On first sight, this all seems very plausible. However, I still have a hard time believing this is the entire story. I have two major problems with Sinclair’s theory and any theory that claims the major cause of aging is just accumulated damage.
First, why don’t cells simply make more repair enzymes? For instances, if Sir2 doesn’t sometimes find its way back to its original position, why not simply make more Sir2? In fact, Sinclair has shown that adding an extra copy of SIR2 increases the lifespan (the number of divisions) in yeast cells (p. 48).
Sinclair’s resolution of this contradiction is that the advantage of living longer does not justify the additional energy costs of making more Sir2. This sounds plausible. But did anyone really do the math here? How much energy does it actually cost to make a little more Sir2, and what exactly would be the biological advantage if a yeast cell can create more copies of its DNA because it lives longer?
The thing is that cellular damage is the major obstacle life faces. As mentioned above, DNA breaks alone occur trillions of times every day in our bodies. If cells go through so much effort to repair all of this damage, why not take this tiny extra step and also repair the damage that causes aging?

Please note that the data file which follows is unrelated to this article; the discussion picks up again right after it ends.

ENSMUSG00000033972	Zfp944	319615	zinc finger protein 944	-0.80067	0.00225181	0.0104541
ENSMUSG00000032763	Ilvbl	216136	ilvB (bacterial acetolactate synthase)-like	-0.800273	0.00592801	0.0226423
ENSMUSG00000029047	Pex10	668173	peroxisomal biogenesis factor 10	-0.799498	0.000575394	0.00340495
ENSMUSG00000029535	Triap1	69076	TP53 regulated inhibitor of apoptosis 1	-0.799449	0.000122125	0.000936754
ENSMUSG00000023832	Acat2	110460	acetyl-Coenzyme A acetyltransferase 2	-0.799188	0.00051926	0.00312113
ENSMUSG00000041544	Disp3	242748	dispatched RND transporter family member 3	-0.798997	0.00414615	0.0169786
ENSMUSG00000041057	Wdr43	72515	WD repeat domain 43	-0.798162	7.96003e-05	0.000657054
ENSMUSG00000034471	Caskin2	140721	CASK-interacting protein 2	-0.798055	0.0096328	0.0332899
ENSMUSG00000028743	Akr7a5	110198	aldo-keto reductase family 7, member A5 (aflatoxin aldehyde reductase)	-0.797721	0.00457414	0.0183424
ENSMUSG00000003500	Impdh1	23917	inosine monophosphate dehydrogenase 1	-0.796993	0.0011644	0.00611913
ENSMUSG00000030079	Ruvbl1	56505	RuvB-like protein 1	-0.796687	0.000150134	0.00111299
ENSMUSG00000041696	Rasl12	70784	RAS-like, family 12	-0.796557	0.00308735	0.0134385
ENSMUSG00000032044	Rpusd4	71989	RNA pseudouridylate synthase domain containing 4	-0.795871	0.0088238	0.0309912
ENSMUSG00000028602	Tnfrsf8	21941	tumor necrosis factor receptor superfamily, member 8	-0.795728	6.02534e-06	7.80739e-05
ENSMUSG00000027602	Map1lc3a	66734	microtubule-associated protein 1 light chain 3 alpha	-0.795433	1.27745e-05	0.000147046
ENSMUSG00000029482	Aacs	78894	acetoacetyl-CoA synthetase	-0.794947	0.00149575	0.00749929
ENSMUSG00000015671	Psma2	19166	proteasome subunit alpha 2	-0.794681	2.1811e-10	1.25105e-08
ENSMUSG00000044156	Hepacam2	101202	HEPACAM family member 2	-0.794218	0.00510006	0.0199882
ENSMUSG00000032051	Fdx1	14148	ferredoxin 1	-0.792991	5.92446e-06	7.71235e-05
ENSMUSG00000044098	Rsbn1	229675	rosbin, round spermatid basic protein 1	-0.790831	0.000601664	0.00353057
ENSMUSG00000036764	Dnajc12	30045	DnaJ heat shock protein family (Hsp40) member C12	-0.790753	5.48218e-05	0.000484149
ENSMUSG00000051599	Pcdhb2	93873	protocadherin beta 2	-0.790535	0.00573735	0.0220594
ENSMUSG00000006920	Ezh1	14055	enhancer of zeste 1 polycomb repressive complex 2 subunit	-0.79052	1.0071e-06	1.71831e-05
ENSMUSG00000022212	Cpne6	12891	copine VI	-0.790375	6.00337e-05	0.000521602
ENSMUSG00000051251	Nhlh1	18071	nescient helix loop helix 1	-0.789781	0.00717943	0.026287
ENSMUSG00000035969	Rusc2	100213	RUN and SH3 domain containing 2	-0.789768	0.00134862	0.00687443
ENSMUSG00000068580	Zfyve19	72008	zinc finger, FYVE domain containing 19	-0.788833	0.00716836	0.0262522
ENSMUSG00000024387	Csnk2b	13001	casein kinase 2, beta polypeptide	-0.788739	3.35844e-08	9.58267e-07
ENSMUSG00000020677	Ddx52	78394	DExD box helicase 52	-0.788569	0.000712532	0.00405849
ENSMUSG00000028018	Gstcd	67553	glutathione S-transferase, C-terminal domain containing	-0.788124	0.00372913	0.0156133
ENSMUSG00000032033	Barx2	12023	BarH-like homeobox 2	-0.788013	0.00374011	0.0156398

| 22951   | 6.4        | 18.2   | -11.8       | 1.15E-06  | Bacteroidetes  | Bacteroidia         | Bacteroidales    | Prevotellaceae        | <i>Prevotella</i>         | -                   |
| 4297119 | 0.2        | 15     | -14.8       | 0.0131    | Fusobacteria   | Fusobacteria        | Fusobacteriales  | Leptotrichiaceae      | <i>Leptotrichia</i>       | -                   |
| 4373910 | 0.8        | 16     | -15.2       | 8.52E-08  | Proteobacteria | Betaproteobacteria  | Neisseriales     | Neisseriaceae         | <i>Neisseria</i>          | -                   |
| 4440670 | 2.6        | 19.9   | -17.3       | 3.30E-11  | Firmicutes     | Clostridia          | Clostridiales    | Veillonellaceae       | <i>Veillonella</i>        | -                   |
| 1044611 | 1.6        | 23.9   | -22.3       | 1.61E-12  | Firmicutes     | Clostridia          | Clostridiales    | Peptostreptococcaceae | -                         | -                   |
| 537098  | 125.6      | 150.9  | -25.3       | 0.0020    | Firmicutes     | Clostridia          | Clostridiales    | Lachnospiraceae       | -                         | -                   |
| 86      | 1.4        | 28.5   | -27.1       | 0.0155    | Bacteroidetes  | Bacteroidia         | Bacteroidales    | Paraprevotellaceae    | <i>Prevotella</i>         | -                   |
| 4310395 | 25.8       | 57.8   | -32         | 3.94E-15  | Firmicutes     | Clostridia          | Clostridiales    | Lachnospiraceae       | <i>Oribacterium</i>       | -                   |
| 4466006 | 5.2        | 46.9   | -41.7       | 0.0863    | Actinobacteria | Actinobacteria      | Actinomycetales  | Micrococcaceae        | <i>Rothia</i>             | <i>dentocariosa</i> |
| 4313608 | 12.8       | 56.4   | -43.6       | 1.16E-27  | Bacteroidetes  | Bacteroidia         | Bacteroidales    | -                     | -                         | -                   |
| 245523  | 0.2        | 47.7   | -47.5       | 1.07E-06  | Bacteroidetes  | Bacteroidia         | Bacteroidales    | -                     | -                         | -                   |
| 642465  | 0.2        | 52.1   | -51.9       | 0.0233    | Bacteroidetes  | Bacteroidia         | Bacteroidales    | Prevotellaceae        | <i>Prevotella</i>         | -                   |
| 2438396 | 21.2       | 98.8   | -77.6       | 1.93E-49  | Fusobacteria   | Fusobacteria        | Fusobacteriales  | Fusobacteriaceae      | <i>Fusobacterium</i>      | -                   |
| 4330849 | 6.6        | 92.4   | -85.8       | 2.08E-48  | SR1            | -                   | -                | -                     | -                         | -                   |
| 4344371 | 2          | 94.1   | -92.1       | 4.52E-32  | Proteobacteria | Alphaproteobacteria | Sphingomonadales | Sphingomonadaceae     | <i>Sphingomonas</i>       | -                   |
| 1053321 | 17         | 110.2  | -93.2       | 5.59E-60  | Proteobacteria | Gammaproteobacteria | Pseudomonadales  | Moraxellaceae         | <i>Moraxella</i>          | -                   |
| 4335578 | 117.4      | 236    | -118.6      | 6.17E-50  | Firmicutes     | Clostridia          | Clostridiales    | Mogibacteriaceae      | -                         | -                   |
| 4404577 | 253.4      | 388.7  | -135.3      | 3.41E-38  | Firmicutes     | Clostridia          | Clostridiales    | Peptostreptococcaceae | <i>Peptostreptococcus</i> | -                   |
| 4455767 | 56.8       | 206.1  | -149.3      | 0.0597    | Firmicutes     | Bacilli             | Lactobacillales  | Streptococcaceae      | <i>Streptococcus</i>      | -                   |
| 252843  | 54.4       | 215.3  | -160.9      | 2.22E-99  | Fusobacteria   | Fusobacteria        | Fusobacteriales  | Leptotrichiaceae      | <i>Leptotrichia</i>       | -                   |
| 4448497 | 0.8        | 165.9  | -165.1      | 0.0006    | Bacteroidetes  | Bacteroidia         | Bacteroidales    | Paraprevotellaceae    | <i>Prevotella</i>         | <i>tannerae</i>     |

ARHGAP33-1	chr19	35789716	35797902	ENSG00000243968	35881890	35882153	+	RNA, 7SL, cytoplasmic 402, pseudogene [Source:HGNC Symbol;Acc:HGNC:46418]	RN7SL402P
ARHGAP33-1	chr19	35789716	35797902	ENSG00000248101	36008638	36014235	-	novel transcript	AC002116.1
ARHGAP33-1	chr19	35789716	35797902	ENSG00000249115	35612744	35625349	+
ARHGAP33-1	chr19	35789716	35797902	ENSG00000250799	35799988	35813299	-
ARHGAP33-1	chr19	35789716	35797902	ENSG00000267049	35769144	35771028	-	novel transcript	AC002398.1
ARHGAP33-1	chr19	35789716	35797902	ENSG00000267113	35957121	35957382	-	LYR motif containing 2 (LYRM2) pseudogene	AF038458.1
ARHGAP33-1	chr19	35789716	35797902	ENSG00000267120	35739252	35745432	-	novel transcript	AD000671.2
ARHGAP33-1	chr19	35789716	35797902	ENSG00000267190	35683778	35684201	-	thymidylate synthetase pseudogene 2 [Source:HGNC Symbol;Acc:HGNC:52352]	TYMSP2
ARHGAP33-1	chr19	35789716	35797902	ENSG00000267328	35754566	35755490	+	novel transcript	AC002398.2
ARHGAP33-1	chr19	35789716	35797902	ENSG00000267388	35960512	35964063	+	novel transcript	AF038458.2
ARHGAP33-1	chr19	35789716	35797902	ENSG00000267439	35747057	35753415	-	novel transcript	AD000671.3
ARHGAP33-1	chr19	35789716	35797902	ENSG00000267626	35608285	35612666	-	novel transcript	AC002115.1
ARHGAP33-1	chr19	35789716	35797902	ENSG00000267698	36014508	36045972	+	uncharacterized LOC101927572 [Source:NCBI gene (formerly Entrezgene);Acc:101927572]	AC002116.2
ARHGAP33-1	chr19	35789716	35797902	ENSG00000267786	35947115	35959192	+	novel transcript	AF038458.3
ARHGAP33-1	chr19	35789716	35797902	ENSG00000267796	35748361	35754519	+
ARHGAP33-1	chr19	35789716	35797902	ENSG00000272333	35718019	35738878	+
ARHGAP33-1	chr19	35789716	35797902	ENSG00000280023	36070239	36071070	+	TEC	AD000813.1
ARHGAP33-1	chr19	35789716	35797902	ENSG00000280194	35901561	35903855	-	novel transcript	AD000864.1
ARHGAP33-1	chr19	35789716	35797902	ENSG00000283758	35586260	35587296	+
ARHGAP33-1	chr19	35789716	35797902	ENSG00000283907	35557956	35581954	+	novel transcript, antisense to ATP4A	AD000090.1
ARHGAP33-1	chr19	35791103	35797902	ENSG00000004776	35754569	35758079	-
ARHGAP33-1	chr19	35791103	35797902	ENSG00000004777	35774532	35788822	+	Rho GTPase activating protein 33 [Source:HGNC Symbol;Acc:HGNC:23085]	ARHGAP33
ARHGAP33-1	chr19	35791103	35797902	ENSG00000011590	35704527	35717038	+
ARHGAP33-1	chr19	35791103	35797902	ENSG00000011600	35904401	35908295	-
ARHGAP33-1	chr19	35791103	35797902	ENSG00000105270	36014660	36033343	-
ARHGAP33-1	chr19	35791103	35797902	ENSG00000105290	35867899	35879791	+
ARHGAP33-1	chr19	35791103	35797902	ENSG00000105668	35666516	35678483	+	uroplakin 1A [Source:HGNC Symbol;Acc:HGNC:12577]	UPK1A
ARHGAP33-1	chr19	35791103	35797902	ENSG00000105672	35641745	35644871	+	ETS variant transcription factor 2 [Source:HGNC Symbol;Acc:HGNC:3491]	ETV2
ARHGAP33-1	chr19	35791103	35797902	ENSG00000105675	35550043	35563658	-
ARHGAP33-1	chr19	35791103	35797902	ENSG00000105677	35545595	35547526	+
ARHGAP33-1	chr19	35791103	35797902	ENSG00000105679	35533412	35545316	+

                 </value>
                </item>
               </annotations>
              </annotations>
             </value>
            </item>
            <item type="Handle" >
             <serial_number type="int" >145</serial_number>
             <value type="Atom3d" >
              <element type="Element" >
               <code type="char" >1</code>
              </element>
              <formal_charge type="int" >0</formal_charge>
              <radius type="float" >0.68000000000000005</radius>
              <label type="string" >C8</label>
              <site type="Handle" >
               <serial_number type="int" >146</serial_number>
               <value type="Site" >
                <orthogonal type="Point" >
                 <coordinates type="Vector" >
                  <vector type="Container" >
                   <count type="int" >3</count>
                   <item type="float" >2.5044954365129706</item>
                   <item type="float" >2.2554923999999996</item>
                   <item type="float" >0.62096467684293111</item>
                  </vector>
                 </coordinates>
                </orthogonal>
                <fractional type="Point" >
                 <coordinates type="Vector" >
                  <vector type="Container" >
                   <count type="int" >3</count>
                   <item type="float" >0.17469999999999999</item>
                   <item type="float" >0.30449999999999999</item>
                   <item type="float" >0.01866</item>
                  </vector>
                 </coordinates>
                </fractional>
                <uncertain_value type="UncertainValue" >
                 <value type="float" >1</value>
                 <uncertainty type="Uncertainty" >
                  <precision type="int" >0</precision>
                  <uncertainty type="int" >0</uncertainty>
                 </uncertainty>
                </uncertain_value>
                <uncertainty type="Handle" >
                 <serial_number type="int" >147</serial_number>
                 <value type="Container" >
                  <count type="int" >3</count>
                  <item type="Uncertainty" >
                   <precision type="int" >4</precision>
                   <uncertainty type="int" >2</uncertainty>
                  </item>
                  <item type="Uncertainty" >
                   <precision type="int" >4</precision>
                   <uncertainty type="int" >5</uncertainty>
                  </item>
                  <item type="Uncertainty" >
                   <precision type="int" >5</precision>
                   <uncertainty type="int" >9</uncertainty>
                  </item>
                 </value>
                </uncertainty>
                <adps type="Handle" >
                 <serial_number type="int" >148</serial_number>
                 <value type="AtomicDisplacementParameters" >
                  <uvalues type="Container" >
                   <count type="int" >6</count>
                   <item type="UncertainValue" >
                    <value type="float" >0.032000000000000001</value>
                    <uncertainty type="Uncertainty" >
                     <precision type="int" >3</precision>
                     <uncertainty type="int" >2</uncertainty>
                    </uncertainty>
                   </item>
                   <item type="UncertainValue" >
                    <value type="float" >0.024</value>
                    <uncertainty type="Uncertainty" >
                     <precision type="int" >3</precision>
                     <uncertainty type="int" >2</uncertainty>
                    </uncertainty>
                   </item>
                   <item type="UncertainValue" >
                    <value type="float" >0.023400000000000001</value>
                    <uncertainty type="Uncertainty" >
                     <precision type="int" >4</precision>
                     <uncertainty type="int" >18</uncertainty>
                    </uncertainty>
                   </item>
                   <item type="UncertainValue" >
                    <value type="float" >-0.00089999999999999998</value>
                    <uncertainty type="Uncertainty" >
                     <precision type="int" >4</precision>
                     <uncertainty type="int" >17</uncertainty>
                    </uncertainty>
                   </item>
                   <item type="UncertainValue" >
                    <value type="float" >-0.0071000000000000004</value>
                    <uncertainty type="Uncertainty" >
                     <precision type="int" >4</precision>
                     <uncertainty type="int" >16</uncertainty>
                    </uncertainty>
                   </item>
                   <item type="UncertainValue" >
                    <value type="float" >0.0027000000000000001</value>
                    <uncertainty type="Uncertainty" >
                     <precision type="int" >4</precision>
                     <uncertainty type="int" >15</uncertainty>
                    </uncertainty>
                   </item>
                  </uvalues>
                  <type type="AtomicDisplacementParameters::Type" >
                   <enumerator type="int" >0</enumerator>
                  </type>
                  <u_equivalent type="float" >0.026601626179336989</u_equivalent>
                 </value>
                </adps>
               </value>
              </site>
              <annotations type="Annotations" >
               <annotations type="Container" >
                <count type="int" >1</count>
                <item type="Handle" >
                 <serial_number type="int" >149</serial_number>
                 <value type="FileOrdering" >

The fraction of unrepaired damage must be incredibly small compared to the damage cells actually repair every second in our bodies. Wouldn’t the tiny extra energy needed for this justify the enormous advantage to staying strong and healthy—at least until the organism dies of other natural causes (predators, infections, accidents, etc.)?
My second problem with the damage theory of aging is that it has a hard time explaining why organisms exist that don’t age at all or can even reverse aging. Why exactly do these creatures invest this extra energy to avoid aging whereas most other organisms do not? If evolution already figured out how to get rid of all cellular damage, why hasn’t this wonderful technology found its way into all organisms?
Because of these unanswered questions, I still feel that aging is not a bug but an important feature of biological evolution. My guess about the main biological function of aging is that it increases diversity in the gene pool. Genetic diversity is perhaps the most important factor when it comes to combating pathogens. So why waste the limited available resources to add the same or similar genetic variations again and again to the gene pool?
In other words, evolution not only favors species that maximize the quantity of their offspring, but quality is just as important. Whereas aging reduces the quantity of offspring, it enhances the quality of the gene pool. Thus, I think aging improves evolvability.
Of course, I am only an interested layman and no match at all for a high-class scientist like David Sinclair. Thus, my criticism should only be seen as the questions of a puzzled student. If you can answer my questions, feel free to post a comment below.
In my next post, I will discuss the second major topic of Sinclair’s book—the question “why we don’t have to age.”